On Wednesday, President Obama signed the federal Defend Trade Secrets Act of 2016 (the “Act”) that passed both houses of Congress in late April. The statute is the first federal statutory protection afforded to trade secrets and could have a significant impact on trade secrets litigation nationwide. The passage of the law comes as no surprise, and much has already been written about what it means for the future of these disputes. But what about those who are currently involved in trade secrets litigation —could the Act change the course of those cases? There is not a definitive answer, but it is something that all litigants should consider now that the Act has become law.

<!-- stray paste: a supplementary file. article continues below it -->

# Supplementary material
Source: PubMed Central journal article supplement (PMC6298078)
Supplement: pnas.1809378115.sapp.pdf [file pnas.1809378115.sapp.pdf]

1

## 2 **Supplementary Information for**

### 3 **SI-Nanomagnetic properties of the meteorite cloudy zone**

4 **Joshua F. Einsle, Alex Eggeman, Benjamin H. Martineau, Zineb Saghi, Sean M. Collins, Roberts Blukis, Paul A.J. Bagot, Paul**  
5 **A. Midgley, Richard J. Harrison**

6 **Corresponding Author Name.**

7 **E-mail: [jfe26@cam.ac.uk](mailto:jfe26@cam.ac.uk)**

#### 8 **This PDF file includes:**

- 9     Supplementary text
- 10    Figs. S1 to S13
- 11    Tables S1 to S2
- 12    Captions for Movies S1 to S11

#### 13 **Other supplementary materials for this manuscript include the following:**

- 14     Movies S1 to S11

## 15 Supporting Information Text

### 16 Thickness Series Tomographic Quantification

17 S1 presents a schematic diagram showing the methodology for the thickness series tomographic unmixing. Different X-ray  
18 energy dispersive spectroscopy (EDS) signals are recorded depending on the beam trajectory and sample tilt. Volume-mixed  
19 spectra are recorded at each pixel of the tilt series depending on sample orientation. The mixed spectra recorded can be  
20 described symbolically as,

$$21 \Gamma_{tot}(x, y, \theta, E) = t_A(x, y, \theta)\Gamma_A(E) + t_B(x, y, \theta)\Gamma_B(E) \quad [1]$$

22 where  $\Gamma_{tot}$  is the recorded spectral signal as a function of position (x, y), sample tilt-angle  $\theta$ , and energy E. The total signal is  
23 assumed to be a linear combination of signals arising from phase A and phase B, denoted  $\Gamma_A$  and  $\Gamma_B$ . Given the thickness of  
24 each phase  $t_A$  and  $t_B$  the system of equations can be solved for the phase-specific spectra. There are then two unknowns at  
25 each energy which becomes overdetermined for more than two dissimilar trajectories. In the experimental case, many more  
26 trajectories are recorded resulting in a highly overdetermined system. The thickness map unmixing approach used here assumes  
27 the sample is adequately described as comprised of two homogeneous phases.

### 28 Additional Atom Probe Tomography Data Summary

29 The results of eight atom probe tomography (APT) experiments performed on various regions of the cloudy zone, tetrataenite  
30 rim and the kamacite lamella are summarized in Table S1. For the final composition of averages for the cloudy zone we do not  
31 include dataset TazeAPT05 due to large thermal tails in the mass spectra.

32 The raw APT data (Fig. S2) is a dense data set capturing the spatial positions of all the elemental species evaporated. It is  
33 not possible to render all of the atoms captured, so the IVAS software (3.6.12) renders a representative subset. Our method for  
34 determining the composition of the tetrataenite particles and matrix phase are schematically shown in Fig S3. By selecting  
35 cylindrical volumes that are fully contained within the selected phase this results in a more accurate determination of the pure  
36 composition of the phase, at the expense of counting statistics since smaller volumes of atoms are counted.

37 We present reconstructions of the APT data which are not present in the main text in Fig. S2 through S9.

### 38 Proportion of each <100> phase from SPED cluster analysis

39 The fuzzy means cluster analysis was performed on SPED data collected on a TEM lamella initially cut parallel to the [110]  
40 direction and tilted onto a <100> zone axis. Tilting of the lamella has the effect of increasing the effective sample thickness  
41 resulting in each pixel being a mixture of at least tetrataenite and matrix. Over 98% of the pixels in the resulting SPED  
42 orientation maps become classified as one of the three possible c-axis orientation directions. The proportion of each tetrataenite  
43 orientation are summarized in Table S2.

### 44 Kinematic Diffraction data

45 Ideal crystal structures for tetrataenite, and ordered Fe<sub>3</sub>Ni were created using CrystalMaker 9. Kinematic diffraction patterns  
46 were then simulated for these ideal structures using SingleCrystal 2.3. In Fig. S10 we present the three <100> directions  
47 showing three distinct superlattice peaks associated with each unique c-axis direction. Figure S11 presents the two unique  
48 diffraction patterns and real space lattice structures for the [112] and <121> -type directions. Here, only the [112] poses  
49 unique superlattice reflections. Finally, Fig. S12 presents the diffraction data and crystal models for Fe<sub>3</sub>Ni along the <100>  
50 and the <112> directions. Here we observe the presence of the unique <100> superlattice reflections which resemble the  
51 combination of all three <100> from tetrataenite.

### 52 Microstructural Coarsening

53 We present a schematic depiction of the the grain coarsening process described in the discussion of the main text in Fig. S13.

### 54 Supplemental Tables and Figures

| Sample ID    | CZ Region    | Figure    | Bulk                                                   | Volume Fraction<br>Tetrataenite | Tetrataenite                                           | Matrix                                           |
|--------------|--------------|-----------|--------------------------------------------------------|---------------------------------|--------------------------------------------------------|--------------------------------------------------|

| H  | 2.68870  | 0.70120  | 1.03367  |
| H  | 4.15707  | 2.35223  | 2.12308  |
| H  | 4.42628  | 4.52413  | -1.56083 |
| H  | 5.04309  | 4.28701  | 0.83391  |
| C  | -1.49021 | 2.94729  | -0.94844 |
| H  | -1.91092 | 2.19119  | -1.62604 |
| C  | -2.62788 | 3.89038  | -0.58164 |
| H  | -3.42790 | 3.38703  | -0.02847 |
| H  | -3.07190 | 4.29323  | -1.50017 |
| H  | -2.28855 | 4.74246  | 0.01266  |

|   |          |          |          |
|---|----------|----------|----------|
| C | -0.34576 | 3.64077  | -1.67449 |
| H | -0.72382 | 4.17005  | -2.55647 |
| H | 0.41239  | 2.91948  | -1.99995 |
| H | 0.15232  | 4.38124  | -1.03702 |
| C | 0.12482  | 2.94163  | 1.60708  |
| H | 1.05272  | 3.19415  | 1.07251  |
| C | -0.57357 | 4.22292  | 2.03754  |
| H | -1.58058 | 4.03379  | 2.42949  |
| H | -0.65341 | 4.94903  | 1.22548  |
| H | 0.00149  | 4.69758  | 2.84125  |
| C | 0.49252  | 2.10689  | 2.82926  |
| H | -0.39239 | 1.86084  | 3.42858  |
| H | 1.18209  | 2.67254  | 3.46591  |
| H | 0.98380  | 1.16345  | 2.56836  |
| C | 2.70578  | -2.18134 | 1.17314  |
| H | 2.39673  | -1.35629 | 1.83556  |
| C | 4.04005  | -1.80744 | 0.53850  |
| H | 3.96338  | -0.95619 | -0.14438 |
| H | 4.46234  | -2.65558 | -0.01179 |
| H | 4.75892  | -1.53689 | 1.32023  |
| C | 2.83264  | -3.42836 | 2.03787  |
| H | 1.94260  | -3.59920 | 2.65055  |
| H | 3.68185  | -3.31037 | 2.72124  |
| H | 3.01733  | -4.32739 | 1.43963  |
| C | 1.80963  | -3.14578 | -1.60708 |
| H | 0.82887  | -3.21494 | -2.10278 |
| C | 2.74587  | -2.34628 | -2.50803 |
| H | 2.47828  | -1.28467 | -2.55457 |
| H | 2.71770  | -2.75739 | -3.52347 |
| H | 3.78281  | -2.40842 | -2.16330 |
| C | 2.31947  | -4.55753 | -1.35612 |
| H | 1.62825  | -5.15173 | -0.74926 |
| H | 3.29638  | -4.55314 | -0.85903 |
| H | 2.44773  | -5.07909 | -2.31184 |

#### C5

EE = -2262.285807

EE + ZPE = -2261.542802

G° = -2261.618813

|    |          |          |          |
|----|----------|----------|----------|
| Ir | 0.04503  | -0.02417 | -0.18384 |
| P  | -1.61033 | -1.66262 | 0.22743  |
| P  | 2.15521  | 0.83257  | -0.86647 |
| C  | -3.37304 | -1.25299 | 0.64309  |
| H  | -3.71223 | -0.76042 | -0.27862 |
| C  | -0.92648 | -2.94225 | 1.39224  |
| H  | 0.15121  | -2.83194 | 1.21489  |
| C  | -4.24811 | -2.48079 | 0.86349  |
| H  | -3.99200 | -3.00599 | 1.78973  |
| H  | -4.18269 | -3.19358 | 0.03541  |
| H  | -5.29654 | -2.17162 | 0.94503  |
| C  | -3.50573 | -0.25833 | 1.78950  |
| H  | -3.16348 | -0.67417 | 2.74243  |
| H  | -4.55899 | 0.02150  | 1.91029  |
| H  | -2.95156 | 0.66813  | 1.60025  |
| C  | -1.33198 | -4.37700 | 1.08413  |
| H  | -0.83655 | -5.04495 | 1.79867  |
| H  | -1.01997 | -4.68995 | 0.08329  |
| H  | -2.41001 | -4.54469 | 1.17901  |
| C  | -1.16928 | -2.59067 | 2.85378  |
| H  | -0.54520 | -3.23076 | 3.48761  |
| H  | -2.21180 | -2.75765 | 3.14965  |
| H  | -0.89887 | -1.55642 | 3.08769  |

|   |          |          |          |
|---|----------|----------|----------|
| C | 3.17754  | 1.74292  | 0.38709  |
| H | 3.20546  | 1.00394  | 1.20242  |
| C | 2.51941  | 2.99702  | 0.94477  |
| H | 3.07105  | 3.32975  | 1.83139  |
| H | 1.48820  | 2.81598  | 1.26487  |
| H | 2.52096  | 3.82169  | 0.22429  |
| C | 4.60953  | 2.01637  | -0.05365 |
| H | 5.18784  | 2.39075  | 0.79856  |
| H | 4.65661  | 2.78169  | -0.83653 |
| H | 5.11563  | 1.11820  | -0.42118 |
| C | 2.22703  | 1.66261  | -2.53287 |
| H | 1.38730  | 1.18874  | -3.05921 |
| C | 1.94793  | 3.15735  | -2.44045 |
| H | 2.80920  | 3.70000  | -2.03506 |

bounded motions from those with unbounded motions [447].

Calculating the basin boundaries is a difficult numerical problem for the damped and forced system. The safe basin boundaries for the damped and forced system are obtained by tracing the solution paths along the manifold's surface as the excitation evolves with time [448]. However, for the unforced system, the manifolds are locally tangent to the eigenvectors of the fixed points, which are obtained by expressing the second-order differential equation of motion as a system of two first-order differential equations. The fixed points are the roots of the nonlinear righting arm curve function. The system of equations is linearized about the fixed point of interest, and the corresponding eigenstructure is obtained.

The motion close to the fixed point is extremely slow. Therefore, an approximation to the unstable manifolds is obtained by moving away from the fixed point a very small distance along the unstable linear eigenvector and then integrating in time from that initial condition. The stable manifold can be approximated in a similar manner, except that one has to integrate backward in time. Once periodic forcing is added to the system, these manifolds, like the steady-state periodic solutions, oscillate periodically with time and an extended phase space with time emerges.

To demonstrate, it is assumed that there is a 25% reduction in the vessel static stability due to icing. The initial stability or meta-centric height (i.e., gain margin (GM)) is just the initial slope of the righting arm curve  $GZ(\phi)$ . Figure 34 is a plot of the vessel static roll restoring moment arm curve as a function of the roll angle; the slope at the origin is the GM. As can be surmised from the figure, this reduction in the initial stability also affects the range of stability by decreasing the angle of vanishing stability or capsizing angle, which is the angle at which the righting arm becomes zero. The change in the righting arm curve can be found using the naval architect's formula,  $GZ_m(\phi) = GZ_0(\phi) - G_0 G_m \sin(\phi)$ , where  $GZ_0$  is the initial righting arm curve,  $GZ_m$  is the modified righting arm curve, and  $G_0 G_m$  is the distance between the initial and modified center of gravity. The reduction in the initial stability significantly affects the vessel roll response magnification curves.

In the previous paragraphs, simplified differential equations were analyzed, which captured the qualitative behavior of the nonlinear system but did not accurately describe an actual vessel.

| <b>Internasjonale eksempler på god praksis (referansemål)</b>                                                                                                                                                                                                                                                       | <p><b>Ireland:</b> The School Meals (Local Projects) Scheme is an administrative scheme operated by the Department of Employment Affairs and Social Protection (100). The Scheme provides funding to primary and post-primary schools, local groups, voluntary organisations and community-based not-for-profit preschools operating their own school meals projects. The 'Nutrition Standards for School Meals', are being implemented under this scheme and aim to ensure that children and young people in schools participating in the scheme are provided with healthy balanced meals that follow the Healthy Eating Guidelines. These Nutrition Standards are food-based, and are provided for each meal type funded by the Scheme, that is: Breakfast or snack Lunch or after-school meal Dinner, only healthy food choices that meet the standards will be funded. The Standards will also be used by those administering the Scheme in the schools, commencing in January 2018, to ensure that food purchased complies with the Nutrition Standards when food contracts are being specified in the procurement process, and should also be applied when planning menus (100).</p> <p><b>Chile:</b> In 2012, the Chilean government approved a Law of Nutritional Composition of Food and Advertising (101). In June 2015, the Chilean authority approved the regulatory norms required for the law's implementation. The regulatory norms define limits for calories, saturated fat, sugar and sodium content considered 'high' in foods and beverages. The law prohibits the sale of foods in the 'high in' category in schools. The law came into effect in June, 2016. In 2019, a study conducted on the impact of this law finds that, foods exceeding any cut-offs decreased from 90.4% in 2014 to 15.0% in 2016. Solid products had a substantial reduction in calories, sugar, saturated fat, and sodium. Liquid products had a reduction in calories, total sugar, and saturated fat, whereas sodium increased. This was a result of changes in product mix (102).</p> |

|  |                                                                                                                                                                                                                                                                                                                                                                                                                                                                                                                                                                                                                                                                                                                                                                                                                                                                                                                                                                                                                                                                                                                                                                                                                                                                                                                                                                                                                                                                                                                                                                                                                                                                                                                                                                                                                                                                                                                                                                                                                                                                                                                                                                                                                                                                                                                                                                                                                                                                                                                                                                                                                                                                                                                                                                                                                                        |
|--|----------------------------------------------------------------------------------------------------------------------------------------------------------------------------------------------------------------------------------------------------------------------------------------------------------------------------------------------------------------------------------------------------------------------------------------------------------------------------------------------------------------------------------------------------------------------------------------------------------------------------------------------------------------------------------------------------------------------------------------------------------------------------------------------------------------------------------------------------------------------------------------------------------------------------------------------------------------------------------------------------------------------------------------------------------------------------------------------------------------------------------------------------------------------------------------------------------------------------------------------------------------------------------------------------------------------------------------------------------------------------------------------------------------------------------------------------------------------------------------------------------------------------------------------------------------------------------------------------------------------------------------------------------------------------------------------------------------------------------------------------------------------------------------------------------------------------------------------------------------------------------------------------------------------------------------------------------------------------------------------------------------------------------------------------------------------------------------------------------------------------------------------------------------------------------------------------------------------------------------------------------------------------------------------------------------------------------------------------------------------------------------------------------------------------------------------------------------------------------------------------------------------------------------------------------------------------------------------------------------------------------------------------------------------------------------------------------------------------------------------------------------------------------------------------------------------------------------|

The first question is whether the Act applies at all in such instances. The Act applies to “any misappropriation of a trade secret (as defined in section 1839 of title 18, United States Code, as amended by this section) for which any act occurs on or after the date of the enactment of this Act.” S. 1890, 1144th Cong. § 2(e) (emphasis added). “Misappropriation” is defined as “(A) acquisition of a trade secret of another by a person who knows or has reason to know that the trade secret was acquired by improper means; or (B) disclosure or use of a trade secret of another without express or implied consent. 18 U.S.C. § 1839(5). So, in litigation where the “use” of trade secrets is ongoing, there may be an argument that the Act applies.